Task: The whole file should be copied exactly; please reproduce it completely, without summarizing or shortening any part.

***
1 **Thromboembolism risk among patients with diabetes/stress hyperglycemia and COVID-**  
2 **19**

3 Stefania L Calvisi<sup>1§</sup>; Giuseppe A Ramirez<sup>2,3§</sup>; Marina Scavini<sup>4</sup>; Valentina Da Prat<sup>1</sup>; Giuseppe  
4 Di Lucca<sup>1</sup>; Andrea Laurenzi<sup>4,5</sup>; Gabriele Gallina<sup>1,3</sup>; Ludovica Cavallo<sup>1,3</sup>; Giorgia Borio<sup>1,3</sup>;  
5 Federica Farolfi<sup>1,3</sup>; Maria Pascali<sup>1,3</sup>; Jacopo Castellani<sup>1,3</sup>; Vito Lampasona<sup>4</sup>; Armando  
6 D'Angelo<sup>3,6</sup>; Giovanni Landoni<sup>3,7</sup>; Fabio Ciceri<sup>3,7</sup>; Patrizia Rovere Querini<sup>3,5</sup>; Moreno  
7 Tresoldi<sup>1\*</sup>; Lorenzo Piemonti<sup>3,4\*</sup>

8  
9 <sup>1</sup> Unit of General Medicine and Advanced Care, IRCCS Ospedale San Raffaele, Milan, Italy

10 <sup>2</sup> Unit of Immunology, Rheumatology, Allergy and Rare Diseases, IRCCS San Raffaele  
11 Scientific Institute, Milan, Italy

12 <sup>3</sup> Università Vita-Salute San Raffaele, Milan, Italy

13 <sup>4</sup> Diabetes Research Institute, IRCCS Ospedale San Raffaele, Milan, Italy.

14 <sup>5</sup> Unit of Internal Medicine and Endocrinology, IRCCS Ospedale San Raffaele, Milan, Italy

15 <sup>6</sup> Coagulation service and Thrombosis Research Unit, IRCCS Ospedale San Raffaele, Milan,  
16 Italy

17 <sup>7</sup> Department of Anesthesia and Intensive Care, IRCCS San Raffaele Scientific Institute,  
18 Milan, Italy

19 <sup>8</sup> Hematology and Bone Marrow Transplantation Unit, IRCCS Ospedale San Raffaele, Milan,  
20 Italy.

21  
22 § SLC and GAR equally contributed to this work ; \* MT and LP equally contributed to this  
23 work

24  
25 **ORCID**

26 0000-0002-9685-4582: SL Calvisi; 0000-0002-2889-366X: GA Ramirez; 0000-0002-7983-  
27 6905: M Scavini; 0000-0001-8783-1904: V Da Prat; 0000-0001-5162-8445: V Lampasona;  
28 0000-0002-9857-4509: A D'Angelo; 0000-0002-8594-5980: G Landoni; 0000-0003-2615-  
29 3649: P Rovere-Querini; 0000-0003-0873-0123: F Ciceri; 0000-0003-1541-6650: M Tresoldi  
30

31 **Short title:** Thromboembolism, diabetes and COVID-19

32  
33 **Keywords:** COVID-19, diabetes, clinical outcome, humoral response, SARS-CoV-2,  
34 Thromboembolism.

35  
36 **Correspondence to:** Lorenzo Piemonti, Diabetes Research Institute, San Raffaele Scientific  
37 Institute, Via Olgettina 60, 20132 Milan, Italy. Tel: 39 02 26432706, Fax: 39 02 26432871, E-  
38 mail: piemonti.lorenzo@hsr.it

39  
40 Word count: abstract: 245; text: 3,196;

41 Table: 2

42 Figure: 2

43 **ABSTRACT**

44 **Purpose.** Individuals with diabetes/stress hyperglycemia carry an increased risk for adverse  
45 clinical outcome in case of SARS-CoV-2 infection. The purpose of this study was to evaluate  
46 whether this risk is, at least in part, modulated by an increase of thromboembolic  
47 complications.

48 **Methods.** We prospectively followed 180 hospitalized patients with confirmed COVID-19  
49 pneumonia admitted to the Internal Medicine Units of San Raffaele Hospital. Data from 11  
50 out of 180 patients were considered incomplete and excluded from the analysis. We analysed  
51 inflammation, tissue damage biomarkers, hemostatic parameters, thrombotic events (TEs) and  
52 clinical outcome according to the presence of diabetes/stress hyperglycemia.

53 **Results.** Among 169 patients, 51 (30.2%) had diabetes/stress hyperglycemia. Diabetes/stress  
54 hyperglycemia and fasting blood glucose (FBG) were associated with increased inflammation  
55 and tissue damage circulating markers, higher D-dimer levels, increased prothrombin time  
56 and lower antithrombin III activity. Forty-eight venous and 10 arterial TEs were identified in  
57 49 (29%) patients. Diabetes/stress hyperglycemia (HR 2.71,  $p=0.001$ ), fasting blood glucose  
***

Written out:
1 **Thromboembolism risk among patients with diabetes/stress hyperglycemia and COVID-**  
2 **19**

3 Stefania L Calvisi<sup>1§</sup>; Giuseppe A Ramirez<sup>2,3§</sup>; Marina Scavini<sup>4</sup>; Valentina Da Prat<sup>1</sup>; Giuseppe  
4 Di Lucca<sup>1</sup>; Andrea Laurenzi<sup>4,5</sup>; Gabriele Gallina<sup>1,3</sup>; Ludovica Cavallo<sup>1,3</sup>; Giorgia Borio<sup>1,3</sup>;  
5 Federica Farolfi<sup>1,3</sup>; Maria Pascali<sup>1,3</sup>; Jacopo Castellani<sup>1,3</sup>; Vito Lampasona<sup>4</sup>; Armando  
6 D'Angelo<sup>3,6</sup>; Giovanni Landoni<sup>3,7</sup>; Fabio Ciceri<sup>3,7</sup>; Patrizia Rovere Querini<sup>3,5</sup>; Moreno  
7 Tresoldi<sup>1\*</sup>; Lorenzo Piemonti<sup>3,4\*</sup>

8  
9 <sup>1</sup> Unit of General Medicine and Advanced Care, IRCCS Ospedale San Raffaele, Milan, Italy

10 <sup>2</sup> Unit of Immunology, Rheumatology, Allergy and Rare Diseases, IRCCS San Raffaele  
11 Scientific Institute, Milan, Italy

12 <sup>3</sup> Università Vita-Salute San Raffaele, Milan, Italy

13 <sup>4</sup> Diabetes Research Institute, IRCCS Ospedale San Raffaele, Milan, Italy.

14 <sup>5</sup> Unit of Internal Medicine and Endocrinology, IRCCS Ospedale San Raffaele, Milan, Italy

15 <sup>6</sup> Coagulation service and Thrombosis Research Unit, IRCCS Ospedale San Raffaele, Milan,  
16 Italy

17 <sup>7</sup> Department of Anesthesia and Intensive Care, IRCCS San Raffaele Scientific Institute,  
18 Milan, Italy

19 <sup>8</sup> Hematology and Bone Marrow Transplantation Unit, IRCCS Ospedale San Raffaele, Milan,  
20 Italy.

21  
22 § SLC and GAR equally contributed to this work ; \* MT and LP equally contributed to this  
23 work

24  
25 **ORCID**

26 0000-0002-9685-4582: SL Calvisi; 0000-0002-2889-366X: GA Ramirez; 0000-0002-7983-  
27 6905: M Scavini; 0000-0001-8783-1904: V Da Prat; 0000-0001-5162-8445: V Lampasona;  
28 0000-0002-9857-4509: A D'Angelo; 0000-0002-8594-5980: G Landoni; 0000-0003-2615-  
29 3649: P Rovere-Querini; 0000-0003-0873-0123: F Ciceri; 0000-0003-1541-6650: M Tresoldi  
30

31 **Short title:** Thromboembolism, diabetes and COVID-19

32  
33 **Keywords:** COVID-19, diabetes, clinical outcome, humoral response, SARS-CoV-2,  
34 Thromboembolism.

35  
36 **Correspondence to:** Lorenzo Piemonti, Diabetes Research Institute, San Raffaele Scientific  
37 Institute, Via Olgettina 60, 20132 Milan, Italy. Tel: 39 02 26432706, Fax: 39 02 26432871, E-  
38 mail: piemonti.lorenzo@hsr.it

39  
40 Word count: abstract: 245; text: 3,196;

41 Table: 2

42 Figure: 2

43 **ABSTRACT**

44 **Purpose.** Individuals with diabetes/stress hyperglycemia carry an increased risk for adverse  
45 clinical outcome in case of SARS-CoV-2 infection. The purpose of this study was to evaluate  
46 whether this risk is, at least in part, modulated by an increase of thromboembolic  
47 complications.

48 **Methods.** We prospectively followed 180 hospitalized patients with confirmed COVID-19  
49 pneumonia admitted to the Internal Medicine Units of San Raffaele Hospital. Data from 11  
50 out of 180 patients were considered incomplete and excluded from the analysis. We analysed  
51 inflammation, tissue damage biomarkers, hemostatic parameters, thrombotic events (TEs) and  
52 clinical outcome according to the presence of diabetes/stress hyperglycemia.

53 **Results.** Among 169 patients, 51 (30.2%) had diabetes/stress hyperglycemia. Diabetes/stress  
54 hyperglycemia and fasting blood glucose (FBG) were associated with increased inflammation  
55 and tissue damage circulating markers, higher D-dimer levels, increased prothrombin time  
56 and lower antithrombin III activity. Forty-eight venous and 10 arterial TEs were identified in  
57 49 (29%) patients. Diabetes/stress hyperglycemia (HR 2.71,  $p=0.001$ ), fasting blood glucose  